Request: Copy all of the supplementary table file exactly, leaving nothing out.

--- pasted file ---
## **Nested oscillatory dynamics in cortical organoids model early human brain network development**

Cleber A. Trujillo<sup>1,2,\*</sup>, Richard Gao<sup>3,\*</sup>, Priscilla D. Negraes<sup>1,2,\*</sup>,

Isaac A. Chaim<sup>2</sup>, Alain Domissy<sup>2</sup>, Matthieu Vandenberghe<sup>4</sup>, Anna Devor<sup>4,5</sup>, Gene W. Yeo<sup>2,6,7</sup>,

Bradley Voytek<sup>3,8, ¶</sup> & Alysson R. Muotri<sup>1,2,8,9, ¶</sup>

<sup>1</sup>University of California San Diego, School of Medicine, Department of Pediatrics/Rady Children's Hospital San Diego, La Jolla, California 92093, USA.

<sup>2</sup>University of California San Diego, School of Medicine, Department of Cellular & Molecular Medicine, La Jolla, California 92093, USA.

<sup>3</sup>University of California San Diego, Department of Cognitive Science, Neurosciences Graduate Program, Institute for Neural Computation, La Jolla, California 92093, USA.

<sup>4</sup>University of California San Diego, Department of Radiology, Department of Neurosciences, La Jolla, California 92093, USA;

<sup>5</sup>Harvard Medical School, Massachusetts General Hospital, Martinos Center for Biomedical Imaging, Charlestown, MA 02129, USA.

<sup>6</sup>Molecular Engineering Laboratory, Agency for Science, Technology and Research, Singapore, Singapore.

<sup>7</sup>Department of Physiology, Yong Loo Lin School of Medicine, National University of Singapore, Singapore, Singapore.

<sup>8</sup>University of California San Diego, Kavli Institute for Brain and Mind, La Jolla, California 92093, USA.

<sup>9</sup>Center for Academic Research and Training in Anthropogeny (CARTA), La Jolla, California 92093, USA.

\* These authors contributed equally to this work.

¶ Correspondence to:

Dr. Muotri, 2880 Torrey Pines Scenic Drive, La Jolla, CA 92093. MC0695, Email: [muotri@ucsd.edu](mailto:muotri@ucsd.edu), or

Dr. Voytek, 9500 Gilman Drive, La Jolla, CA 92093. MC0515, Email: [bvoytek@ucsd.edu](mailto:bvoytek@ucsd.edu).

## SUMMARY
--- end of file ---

## **Nested oscillatory dynamics in cortical organoids model early human brain network development**

Cleber A. Trujillo<sup>1,2,\*</sup>, Richard Gao<sup>3,\*</sup>, Priscilla D. Negraes<sup>1,2,\*</sup>,

Isaac A. Chaim<sup>2</sup>, Alain Domissy<sup>2</sup>, Matthieu Vandenberghe<sup>4</sup>, Anna Devor<sup>4,5</sup>, Gene W. Yeo<sup>2,6,7</sup>,

Bradley Voytek<sup>3,8, ¶</sup> & Alysson R. Muotri<sup>1,2,8,9, ¶</sup>

<sup>1</sup>University of California San Diego, School of Medicine, Department of Pediatrics/Rady Children's Hospital San Diego, La Jolla, California 92093, USA.

<sup>2</sup>University of California San Diego, School of Medicine, Department of Cellular & Molecular Medicine, La Jolla, California 92093, USA.

<sup>3</sup>University of California San Diego, Department of Cognitive Science, Neurosciences Graduate Program, Institute for Neural Computation, La Jolla, California 92093, USA.

<sup>4</sup>University of California San Diego, Department of Radiology, Department of Neurosciences, La Jolla, California 92093, USA;

<sup>5</sup>Harvard Medical School, Massachusetts General Hospital, Martinos Center for Biomedical Imaging, Charlestown, MA 02129, USA.

<sup>6</sup>Molecular Engineering Laboratory, Agency for Science, Technology and Research, Singapore, Singapore.

<sup>7</sup>Department of Physiology, Yong Loo Lin School of Medicine, National University of Singapore, Singapore, Singapore.

<sup>8</sup>University of California San Diego, Kavli Institute for Brain and Mind, La Jolla, California 92093, USA.

<sup>9</sup>Center for Academic Research and Training in Anthropogeny (CARTA), La Jolla, California 92093, USA.

\* These authors contributed equally to this work.

¶ Correspondence to:

Dr. Muotri, 2880 Torrey Pines Scenic Drive, La Jolla, CA 92093. MC0695, Email: [muotri@ucsd.edu](mailto:muotri@ucsd.edu), or

Dr. Voytek, 9500 Gilman Drive, La Jolla, CA 92093. MC0515, Email: [bvoytek@ucsd.edu](mailto:bvoytek@ucsd.edu).

## SUMMARY